Don’t trust that lamp! How 12 common devices can now be hacked

The Internet of Things is making more and more items in our lives connected and smart, but also juicy targets for those with bad intents

internet of things rev
ITworld/Steve Traynor

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The Internet of Things, that is to say all of those devices we use that are connected or "smart," continues to multiply like rabbits in spring. According to various sources, the number of wirelessly connected devices is estimated to reach more than 40 billion worldwide by 2020, including one billion smart electric meters, 150 million connected cars, and 100 million smart lights. From insulin pumps to thermostats to coffee makers, more and things we use in our daily lives that we don’t normally think of as computers, are, in fact, behaving like computers.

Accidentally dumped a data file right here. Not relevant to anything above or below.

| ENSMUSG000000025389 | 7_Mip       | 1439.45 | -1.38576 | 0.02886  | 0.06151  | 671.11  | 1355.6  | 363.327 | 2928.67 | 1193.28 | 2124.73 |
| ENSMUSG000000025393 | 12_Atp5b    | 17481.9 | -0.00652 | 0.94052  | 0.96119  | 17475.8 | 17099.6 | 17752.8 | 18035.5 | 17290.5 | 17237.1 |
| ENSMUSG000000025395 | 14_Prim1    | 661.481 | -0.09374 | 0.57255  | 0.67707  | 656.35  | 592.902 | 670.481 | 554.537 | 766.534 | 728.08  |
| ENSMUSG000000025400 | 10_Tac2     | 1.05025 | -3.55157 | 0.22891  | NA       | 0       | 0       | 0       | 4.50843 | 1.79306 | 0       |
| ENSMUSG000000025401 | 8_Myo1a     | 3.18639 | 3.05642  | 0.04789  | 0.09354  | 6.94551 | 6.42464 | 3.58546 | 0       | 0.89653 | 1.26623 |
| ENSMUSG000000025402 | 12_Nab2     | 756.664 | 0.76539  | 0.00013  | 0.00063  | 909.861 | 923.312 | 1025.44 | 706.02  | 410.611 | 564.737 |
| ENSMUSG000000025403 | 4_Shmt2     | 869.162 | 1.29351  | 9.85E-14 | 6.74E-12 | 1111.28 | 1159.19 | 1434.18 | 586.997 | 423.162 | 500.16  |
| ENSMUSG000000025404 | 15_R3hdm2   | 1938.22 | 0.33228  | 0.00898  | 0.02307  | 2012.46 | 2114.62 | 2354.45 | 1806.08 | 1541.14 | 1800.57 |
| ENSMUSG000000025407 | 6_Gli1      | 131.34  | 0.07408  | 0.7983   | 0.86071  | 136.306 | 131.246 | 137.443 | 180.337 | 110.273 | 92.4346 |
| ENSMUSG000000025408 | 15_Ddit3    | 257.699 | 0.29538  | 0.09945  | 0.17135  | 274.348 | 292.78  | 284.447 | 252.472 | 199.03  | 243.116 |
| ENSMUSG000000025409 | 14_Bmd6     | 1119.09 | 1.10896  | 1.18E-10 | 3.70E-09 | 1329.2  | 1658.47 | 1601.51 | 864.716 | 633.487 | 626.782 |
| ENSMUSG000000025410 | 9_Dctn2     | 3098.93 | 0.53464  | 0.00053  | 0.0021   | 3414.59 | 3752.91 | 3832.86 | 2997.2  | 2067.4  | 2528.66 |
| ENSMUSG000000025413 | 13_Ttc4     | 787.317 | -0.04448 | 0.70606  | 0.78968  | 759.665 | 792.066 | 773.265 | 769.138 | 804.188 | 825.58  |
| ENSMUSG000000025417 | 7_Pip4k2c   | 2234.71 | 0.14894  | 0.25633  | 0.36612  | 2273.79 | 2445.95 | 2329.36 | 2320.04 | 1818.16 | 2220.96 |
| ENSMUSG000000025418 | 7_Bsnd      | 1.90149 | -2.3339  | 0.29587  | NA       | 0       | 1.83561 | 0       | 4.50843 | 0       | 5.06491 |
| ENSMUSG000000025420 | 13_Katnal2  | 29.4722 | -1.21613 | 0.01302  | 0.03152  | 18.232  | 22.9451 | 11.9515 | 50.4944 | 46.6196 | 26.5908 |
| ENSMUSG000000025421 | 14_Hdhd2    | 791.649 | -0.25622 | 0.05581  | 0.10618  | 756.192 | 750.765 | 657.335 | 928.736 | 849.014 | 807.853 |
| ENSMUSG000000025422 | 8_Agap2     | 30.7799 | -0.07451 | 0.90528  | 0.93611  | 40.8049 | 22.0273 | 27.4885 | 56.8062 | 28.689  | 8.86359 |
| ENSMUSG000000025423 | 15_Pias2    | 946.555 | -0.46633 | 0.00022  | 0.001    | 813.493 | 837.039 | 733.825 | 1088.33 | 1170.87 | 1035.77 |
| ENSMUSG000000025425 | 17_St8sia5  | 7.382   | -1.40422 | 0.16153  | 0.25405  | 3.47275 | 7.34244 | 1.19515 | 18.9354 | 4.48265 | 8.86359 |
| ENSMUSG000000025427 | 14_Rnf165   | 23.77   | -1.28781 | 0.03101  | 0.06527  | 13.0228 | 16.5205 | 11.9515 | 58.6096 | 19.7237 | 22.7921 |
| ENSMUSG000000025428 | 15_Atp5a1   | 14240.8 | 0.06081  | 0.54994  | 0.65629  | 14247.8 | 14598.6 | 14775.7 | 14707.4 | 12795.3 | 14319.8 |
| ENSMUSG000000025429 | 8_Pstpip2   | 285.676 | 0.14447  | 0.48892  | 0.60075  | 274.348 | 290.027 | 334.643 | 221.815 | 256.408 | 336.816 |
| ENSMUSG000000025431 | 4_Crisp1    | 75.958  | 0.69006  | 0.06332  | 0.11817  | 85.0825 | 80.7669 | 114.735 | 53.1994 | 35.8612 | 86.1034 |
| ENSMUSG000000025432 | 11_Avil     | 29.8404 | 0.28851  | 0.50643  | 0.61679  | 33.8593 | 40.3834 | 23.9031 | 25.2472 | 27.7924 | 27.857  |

By now having brains and being connected, these devices make our lives easier by offering apps to control them and by tailoring their behavior to us. But this convenience comes at price; namely, that many of these devices that we now connect to our computers, home networks or the Internet are now susceptible to malware and hacking. Use the navigation buttons above to see how 12 devices many of us use in our daily lives have been shown to be hackable.

See also:

Natural defenses: 8 IT security tactics found in nature

Sher-locked: 12 famous passwords used through the ages 

Red hotspots: The 15 countries where public Wi-Fi is growing the fastest

Ringing a bell: 11 common phrases and terms that came from obsolete technology


A man using an electronic cigarette
REUTERS/Regis Duvignau


While e-cigarettes may be safer for the health of smokers than regular smokes (though, even that is in question) there’s one thing that’s unquestionably in more danger from the switch: your computer. E-cigarettes need to be charged and often come with a USB cable for that purpose which can be plugged into the wall or your computer. Earlier this year, a former smoker turned “vaper” was the victim of malware installed in the USB charger of his e-cigarettes that originated in China. Before the source was determined, the malware spread from the victim’s work computer, proving that vaping could be very bad for your local network.

A printer display hacked to say Insert cheese in tray 1